this little piggy went to mediation…and this little piggy

This little piggy went to market mediation,
This little piggy stayed at home,
This little piggy had roast beef got taken
This little piggy had none.
And this little piggy Presentation2 aCSC went “Wee wee wee” all the way home.

Evidence was produced showing State Farm staged the mediations in advance and actively concealed material evidence from homeowners during the “mediation” process.

Bam Bam’s Bonnet was full of bees and following his buzz about the MID mediation led to a hornet’s nest of information stirred up during State Farm’s  May 1, 2007 deposition of Kerri Rigsby in McIntosh v State Farm.  Attorney Dan Webb, counsel for State Farm, asked the questions:

Q. Do you recall being involved…in putting on mock mediation?
A. We did put on mock mediation, that is correct.
Q. Do you remember you doing anything related to that?
A. Yes.
Q. What part did you play?
A. …Oh, okay. Yes. When we started mediation, they — they asked that — I guess because I had done mediation in Florida, they asked that Cori and I role play mediation for the entire mediation team. Continue reading “this little piggy went to mediation…and this little piggy”

Behind door #2 – Come on down State Farm Bank (the good neighbor, the good customer, and the Rigsby qui tam)

You see, State Farm has a bank. A thrift to be exact. And it likes to offer loans, and other banking products to its insurance customers. But the people that they do this through are not employees of State Farm. They are the various independent agents (as State Farm likes to call them) that run State Farm offices.

Russell introduced State Farm’s Bank so well in  A different State Farm Battle (January 2008) that it seemed appropriate to give it another run.  It should come as no surprise that State Farm’s website has a more formal introduction (another h/t to Steve):

State Farm Bank, F.S.B. received formal approval for a thrift charter from the Office of Thrift Supervision (OTS) in November 1998 and is generally referred to as “State Farm Bank®”. Its focus is on consumer-oriented financial products, complementing State Farm’s insurance focus on personal lines.

State Farm Bank is a nontraditional financial institution and does not have branch offices. The bulk of direct customer interaction and product assistance is provided by State Farm® agents, augmented by a telephone call center, mail and the Internet. As of December 31, 2005, the Bank held $12 billion in total assets.

Documents filed in Katrina litigation introduce State Farm’s Bank in a different light – suggesting just how nontraditional it may have been following the storm. In fact, the amended RICO complaint added the State Farm Bank as a Defendant:

… State Farm Bank is wholly-owned by State Farm Mutual, and is headquartered in Bloomington, Illinois.  As of March 21, 2003, State Farm Bank had assets totaling in excess of 5,000,000,000 (five billion) U.S. dollars.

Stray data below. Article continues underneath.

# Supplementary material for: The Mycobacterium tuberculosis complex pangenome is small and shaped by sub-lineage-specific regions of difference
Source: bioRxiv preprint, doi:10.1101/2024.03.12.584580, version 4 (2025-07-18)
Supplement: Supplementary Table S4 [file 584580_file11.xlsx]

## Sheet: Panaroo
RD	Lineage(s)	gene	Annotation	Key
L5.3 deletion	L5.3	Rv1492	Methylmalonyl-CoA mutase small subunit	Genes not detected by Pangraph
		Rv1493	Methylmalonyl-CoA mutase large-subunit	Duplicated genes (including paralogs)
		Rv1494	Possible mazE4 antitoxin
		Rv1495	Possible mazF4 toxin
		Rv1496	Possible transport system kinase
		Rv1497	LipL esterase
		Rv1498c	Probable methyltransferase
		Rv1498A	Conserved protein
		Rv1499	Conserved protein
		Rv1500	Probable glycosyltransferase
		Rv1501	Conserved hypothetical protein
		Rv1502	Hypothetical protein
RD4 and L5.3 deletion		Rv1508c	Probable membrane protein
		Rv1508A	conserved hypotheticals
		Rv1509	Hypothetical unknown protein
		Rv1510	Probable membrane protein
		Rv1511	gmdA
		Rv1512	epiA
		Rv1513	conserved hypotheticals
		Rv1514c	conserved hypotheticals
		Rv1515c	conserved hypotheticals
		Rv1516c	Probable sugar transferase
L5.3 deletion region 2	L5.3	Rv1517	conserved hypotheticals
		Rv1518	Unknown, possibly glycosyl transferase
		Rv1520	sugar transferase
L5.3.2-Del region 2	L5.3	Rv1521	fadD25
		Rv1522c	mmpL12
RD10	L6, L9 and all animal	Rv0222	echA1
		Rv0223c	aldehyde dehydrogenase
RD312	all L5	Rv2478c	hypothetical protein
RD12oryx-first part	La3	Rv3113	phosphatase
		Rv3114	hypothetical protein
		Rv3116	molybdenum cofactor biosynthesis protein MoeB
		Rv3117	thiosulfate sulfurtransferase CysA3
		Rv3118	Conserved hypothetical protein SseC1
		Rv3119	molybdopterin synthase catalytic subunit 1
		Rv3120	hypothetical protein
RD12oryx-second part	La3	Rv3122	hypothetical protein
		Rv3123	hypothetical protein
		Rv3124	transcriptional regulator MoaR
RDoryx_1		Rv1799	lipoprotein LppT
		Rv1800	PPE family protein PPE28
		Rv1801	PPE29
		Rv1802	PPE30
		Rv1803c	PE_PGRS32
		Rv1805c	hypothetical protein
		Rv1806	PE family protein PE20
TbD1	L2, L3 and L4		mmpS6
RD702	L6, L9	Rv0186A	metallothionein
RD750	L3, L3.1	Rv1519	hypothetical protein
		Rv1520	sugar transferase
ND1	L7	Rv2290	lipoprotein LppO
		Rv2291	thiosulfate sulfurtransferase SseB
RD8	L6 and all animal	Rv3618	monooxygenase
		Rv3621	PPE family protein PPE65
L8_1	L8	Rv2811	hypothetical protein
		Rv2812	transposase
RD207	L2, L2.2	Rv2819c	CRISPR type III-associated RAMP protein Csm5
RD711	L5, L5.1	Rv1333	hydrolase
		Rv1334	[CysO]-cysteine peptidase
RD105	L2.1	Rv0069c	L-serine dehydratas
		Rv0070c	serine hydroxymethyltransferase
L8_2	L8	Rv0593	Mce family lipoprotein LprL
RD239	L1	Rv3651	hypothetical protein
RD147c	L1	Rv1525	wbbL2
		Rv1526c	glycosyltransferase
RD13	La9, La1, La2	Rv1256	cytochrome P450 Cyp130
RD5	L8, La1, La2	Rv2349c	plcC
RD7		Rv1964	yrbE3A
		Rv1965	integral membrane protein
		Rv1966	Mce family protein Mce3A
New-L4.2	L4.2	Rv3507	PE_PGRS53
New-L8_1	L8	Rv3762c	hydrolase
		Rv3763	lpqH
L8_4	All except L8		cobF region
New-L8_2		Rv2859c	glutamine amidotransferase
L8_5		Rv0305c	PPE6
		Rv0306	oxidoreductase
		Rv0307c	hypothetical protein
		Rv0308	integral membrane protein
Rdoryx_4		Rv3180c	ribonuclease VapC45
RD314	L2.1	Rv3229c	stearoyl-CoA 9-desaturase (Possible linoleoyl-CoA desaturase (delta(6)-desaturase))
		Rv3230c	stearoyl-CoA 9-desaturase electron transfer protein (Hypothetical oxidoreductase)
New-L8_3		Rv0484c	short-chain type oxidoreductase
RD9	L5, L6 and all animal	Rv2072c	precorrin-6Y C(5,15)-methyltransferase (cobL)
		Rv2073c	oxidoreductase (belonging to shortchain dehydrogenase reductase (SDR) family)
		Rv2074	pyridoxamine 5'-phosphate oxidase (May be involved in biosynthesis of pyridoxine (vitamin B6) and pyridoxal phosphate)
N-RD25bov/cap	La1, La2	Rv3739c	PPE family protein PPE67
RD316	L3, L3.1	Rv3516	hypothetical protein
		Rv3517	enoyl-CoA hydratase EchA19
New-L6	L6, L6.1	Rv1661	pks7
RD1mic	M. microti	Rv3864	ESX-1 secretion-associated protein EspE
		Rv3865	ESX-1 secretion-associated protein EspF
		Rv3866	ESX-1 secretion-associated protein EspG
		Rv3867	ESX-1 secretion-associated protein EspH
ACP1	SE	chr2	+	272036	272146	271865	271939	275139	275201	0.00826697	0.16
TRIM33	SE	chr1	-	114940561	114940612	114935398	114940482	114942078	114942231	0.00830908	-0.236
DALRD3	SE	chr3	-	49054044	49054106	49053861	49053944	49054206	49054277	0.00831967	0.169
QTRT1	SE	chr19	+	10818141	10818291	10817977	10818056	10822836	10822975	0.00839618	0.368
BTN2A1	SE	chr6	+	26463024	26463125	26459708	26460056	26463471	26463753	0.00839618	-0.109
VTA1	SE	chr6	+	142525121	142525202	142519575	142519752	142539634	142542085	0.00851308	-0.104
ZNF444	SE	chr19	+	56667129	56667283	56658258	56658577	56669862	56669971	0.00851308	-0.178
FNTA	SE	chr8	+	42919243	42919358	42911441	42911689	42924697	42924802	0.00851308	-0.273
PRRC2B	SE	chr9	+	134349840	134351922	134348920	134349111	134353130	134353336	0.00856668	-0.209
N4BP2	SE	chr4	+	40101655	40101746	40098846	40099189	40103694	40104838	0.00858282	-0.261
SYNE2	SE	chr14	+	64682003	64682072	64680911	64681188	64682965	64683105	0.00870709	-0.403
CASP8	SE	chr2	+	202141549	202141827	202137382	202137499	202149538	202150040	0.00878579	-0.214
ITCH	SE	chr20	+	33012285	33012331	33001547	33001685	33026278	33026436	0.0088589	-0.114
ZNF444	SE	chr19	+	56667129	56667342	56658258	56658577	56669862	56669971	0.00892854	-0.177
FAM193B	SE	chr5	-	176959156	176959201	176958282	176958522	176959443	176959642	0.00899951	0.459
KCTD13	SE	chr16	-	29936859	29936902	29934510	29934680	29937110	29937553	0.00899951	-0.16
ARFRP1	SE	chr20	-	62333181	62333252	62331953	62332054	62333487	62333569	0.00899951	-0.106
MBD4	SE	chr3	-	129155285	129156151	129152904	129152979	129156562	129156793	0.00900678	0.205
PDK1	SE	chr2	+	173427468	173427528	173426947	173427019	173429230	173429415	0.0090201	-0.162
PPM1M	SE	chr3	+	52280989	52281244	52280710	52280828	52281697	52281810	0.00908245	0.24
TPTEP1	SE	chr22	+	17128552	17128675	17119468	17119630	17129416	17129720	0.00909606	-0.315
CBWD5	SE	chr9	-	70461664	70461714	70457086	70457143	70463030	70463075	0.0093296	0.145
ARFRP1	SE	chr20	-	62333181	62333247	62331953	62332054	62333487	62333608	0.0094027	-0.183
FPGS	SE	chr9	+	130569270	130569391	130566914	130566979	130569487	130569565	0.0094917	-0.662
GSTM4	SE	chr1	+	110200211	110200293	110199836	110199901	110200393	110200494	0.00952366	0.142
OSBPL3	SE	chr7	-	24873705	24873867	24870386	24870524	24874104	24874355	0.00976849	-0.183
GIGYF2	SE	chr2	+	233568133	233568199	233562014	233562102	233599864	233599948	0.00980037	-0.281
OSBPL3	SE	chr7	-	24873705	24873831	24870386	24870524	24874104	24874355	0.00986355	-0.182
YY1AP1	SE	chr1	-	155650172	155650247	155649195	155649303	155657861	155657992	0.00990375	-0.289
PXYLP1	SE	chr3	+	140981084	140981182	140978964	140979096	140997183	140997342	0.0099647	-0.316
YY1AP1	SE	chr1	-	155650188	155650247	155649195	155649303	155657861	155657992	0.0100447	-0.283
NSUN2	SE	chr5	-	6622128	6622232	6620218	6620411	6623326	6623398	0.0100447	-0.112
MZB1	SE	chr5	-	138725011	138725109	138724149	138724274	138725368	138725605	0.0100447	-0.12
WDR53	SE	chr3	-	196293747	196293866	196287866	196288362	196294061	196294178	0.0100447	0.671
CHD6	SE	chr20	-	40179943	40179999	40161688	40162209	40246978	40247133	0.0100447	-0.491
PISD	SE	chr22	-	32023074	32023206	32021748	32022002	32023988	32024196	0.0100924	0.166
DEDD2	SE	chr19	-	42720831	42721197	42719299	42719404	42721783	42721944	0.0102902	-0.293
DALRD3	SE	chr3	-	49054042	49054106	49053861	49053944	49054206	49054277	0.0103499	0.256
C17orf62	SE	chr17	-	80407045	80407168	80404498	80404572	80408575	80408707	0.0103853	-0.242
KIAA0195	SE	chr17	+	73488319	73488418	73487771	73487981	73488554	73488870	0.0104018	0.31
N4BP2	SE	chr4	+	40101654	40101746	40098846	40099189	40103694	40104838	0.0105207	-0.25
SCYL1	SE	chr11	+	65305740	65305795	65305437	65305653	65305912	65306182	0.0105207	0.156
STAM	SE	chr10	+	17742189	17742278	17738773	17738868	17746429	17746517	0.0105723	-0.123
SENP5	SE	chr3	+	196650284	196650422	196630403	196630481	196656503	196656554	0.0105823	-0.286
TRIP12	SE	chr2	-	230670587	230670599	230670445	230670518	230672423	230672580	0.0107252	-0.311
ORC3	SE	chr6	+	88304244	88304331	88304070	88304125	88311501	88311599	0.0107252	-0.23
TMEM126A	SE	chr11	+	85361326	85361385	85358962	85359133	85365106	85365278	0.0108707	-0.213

State Farm Bank aided and abetted a civil conspiracy by providing substantial assistance in carrying out the civil conspiracy. State Farm Bank aided and abetted a civil conspiracy by committing one or more tortious acts in concert with State Farm, or pursuant to a common design, engaged in same with State Farm.

State Farm Bank knew that State Farm’s conduct in the civil conspiracy was a breach of duty to the Plaintiffs as insured policyholders, and yet the Defendants and each of them gave substantial assistance or encouragement to the scheme. State Farm Bank’s aiding and abetting a civil conspiracy to conduct corrupt property inspections and procure contrived inspection reports was a direct and proximate cause of damages sustained by Plaintiffs.

Interestingly, the Forensic Rebuttal to Relator’s Response to Motion for Clarification of Order Denying Motion for Summary Judgment ignores the obvious connection and steps over those issues to get to the Brian Ford deposition: Continue reading “Behind door #2 – Come on down State Farm Bank (the good neighbor, the good customer, and the Rigsby qui tam)”

Keeping score #6 – Plaintiffs leading 2-0 on Protective Orders until Walker called Spragins safe on a foul!

Oh the games people play now
Every night and every day now

First, the line up. Pitchers are on rotation – O’Keefe, Harris, and Jordan. Webb Sanders was at bat for State Farm in O’Keefe and Scot Spragins the designated hitter for the team in Harris and Jordan. Making the calls were Magistrates Parker, Alexander, and Walker.

Oh the games people play now
Every night and every day now

Now for the play-by-play in this game of Protective Orders.

Stepping to the plate for Webb, Paige Bush tipped a Motion for Protective Order in O’Keefe straight to Christopher Van Cleve who caught two significant changes from previously agreed to Orders.

Magistrate Judge Alexander, called the out with this Order for the Ozerden court:

Defendant State Farm requests the Court to enter a Protective Order in this cause… Plaintiffs contend that Defendant State Farm’s proposed Order is overly broad on its face because it seeks to make all documents and information produced by State Farm, or any of its agents or representatives, “confidential.”

For the reasons set forth in the pleadings, the Court finds that Defendant State Farm’s proposed Protective Order is overly broad and shall not be entered. However, the Court finds Defendant has established good cause for entry of an Order. Defendant’s Motion for Protective Order is hereby GRANTED only to the extent that Plaintiffs’ alternative proposed Protective Order shall be entered.

Spragins took a swing at Harris in State Farm’s Motion for Protective Order.

Van Cleve caught that one, too and Magistrate Judge Parker called Continue reading “Keeping score #6 – Plaintiffs leading 2-0 on Protective Orders until Walker called Spragins safe on a foul!”